The Department of Defense issues the greatest number of security clearances and maintains the largest segment of the cleared population. Within the approximately 4 million DoD security clearances, roughly 40% of those clearances belong to active duty service members.
Our annual ClearanceJobs compensation survey unpacks the salary and compensation for cleared respondents. Last year we separated out compensation for active duty service members to get a glimpse at how active duty pay compares to the overall clearance population.
Military pay may be set in stone – and it largely is while service members are serving, with slight fluctuations based on geography, cost of living, and family situation. But ignoring active duty pay is a mistake for both service members and the defense contractors looking to hire them. With approximately 200,000 service members separating from the military each year, they remain a significant cleared talent pool and a critical part of almost every company’s cleared hiring efforts.
Even including housing allowances and other financial perks, the majority of military members are paid less than their counterparts in non-active duty positions. While factors like job, location, and experience play a role, just 40% of the cleared industry make less than $85,000 per year – compared to 69% active duty.
For the overall cleared industry, average total compensation in 2022 was $101,395. For military members, the average total compensation was significantly lower at $74,527. When military members make their transition, it’s common for new veterans to accept salary numbers that are lower than their coworkers. That should raise caution among defense industry employers who may be tempted to offer transitioning veterans a salary at only a marginal increase from their active duty pay. But service members not only face compensation at a lower overall figure than their civilian counterparts, they’re also typically more likely to land in an initial job they later leave – 43% of veterans will quit their first civilian job in the first year after their transition, and over 65% leave in the second year.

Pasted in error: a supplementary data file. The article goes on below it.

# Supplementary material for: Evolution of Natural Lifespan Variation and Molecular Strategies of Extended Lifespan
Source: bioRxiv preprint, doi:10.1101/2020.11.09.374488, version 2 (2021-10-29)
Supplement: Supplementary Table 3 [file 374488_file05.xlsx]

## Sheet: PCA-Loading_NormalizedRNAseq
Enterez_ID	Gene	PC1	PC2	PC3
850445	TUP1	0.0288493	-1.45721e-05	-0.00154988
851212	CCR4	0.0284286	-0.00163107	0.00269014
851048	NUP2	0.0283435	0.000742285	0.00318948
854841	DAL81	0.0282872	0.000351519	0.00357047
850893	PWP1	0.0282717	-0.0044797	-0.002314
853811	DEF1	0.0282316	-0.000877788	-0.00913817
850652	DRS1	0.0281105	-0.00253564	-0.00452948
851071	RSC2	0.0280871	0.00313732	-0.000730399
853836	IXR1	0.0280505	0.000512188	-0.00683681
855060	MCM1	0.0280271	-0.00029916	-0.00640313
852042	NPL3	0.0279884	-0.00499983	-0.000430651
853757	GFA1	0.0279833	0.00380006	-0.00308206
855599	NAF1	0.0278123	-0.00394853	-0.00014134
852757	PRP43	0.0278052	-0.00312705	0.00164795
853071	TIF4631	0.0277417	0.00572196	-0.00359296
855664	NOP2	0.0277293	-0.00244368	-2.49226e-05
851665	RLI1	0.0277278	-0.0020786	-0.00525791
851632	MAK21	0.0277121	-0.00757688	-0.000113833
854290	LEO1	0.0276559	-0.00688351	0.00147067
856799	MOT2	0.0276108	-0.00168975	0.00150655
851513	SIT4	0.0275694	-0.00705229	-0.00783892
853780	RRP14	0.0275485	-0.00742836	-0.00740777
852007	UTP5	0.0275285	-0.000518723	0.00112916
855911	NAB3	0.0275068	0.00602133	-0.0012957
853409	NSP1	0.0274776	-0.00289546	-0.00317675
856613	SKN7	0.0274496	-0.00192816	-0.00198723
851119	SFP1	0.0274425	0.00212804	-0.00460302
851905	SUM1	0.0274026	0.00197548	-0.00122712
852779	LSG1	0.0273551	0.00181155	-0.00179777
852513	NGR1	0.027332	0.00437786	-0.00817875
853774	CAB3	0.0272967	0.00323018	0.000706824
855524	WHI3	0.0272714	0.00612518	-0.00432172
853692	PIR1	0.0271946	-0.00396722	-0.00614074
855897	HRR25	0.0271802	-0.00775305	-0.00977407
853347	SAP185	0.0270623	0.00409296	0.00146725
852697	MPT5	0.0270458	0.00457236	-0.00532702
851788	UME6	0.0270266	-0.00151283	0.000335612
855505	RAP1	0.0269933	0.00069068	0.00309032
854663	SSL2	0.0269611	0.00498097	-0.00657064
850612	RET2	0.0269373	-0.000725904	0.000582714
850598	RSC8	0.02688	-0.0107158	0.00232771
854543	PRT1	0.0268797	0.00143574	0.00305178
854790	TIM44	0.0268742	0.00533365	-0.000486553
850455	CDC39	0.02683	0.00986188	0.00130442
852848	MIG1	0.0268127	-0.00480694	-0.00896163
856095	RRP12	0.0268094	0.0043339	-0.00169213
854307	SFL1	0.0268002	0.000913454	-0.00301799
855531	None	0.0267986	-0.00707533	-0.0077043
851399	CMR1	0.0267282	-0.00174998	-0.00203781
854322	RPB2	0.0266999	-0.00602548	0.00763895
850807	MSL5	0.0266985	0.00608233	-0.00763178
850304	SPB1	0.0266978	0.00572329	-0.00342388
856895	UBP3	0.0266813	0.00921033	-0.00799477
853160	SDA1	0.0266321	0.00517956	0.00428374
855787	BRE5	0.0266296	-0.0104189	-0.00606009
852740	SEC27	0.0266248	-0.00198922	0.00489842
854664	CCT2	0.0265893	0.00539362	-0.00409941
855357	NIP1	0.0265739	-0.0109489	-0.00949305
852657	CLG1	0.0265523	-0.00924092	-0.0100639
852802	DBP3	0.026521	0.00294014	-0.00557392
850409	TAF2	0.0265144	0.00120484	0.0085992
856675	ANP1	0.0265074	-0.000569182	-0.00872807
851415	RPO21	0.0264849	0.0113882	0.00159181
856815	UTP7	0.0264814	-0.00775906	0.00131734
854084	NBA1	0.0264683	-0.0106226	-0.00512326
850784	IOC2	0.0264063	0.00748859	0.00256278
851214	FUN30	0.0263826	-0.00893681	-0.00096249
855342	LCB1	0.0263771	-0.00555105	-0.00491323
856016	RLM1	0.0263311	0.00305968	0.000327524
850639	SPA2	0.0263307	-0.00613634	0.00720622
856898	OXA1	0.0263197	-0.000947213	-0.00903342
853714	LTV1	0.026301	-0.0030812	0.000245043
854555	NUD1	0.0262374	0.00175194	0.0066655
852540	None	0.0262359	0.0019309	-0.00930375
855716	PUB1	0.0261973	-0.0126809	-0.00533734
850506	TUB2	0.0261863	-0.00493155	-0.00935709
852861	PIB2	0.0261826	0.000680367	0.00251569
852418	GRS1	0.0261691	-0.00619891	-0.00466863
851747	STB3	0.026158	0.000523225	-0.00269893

Defense employers want to hire qualified talent, and they want to keep them. They also want to help veterans transition into civilian employment. While your company may have a great veteran recruiting program, if it doesn’t also include pay parity with equivalent civilian positions, you may be making yourself the rebound relationship – not the long term hire.
Unpack more statistics and information about military compensation you can use to fuel your military hiring programs in our latest white paper, Profile of a Cleared Veteran.
This past year, 10,004 Active-Duty respondents filled out the 2022 Security Clearance Compensation Report, offering an insight of how their compensation and experiences compares to the current industry.